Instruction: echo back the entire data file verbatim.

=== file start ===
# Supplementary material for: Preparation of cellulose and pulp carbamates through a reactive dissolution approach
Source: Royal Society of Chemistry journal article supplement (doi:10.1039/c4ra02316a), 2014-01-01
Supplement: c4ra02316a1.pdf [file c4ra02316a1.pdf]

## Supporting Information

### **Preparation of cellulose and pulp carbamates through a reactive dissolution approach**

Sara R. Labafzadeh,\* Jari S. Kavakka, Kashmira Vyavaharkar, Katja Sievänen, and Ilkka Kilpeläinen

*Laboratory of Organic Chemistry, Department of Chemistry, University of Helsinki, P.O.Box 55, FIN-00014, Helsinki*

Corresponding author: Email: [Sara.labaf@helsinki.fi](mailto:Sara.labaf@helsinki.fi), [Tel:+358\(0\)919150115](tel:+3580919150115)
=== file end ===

# Supplementary material for: Preparation of cellulose and pulp carbamates through a reactive dissolution approach
Source: Royal Society of Chemistry journal article supplement (doi:10.1039/c4ra02316a), 2014-01-01
Supplement: c4ra02316a1.pdf [file c4ra02316a1.pdf]

## Supporting Information

### **Preparation of cellulose and pulp carbamates through a reactive dissolution approach**

Sara R. Labafzadeh,\* Jari S. Kavakka, Kashmira Vyavaharkar, Katja Sievänen, and Ilkka Kilpeläinen

*Laboratory of Organic Chemistry, Department of Chemistry, University of Helsinki, P.O.Box 55, FIN-00014, Helsinki*

Corresponding author: Email: [Sara.labaf@helsinki.fi](mailto:Sara.labaf@helsinki.fi), [Tel:+358\(0\)919150115](tel:+3580919150115)